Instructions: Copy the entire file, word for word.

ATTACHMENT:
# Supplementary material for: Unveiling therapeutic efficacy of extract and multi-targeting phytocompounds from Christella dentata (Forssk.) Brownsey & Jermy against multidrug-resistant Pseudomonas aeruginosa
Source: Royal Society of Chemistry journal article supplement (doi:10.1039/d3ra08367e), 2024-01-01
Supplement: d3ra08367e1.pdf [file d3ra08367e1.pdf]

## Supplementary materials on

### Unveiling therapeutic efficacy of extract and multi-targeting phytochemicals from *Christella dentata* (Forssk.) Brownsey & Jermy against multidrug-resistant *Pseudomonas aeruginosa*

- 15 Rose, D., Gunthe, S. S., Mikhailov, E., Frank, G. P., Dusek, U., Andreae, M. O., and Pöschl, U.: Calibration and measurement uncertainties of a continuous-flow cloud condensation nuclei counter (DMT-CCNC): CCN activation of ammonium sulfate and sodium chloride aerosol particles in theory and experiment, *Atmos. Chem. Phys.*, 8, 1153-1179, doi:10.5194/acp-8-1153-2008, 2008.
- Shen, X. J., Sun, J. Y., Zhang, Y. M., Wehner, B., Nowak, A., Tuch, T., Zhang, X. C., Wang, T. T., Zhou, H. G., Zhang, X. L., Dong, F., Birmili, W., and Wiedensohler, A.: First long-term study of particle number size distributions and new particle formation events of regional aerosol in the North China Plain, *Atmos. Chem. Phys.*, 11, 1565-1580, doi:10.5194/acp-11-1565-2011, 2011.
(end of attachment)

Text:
# Supplementary material for: Unveiling therapeutic efficacy of extract and multi-targeting phytocompounds from Christella dentata (Forssk.) Brownsey & Jermy against multidrug-resistant Pseudomonas aeruginosa
Source: Royal Society of Chemistry journal article supplement (doi:10.1039/d3ra08367e), 2024-01-01
Supplement: d3ra08367e1.pdf [file d3ra08367e1.pdf]

## Supplementary materials on

### Unveiling therapeutic efficacy of extract and multi-targeting phytochemicals from *Christella dentata* (Forssk.) Brownsey & Jermy against multidrug-resistant *Pseudomonas aeruginosa*

- 15 Rose, D., Gunthe, S. S., Mikhailov, E., Frank, G. P., Dusek, U., Andreae, M. O., and Pöschl, U.: Calibration and measurement uncertainties of a continuous-flow cloud condensation nuclei counter (DMT-CCNC): CCN activation of ammonium sulfate and sodium chloride aerosol particles in theory and experiment, *Atmos. Chem. Phys.*, 8, 1153-1179, doi:10.5194/acp-8-1153-2008, 2008.
- Shen, X. J., Sun, J. Y., Zhang, Y. M., Wehner, B., Nowak, A., Tuch, T., Zhang, X. C., Wang, T. T., Zhou, H. G., Zhang, X. L., Dong, F., Birmili, W., and Wiedensohler, A.: First long-term study of particle number size distributions and new particle formation events of regional aerosol in the North China Plain, *Atmos. Chem. Phys.*, 11, 1565-1580, doi:10.5194/acp-11-1565-2011, 2011.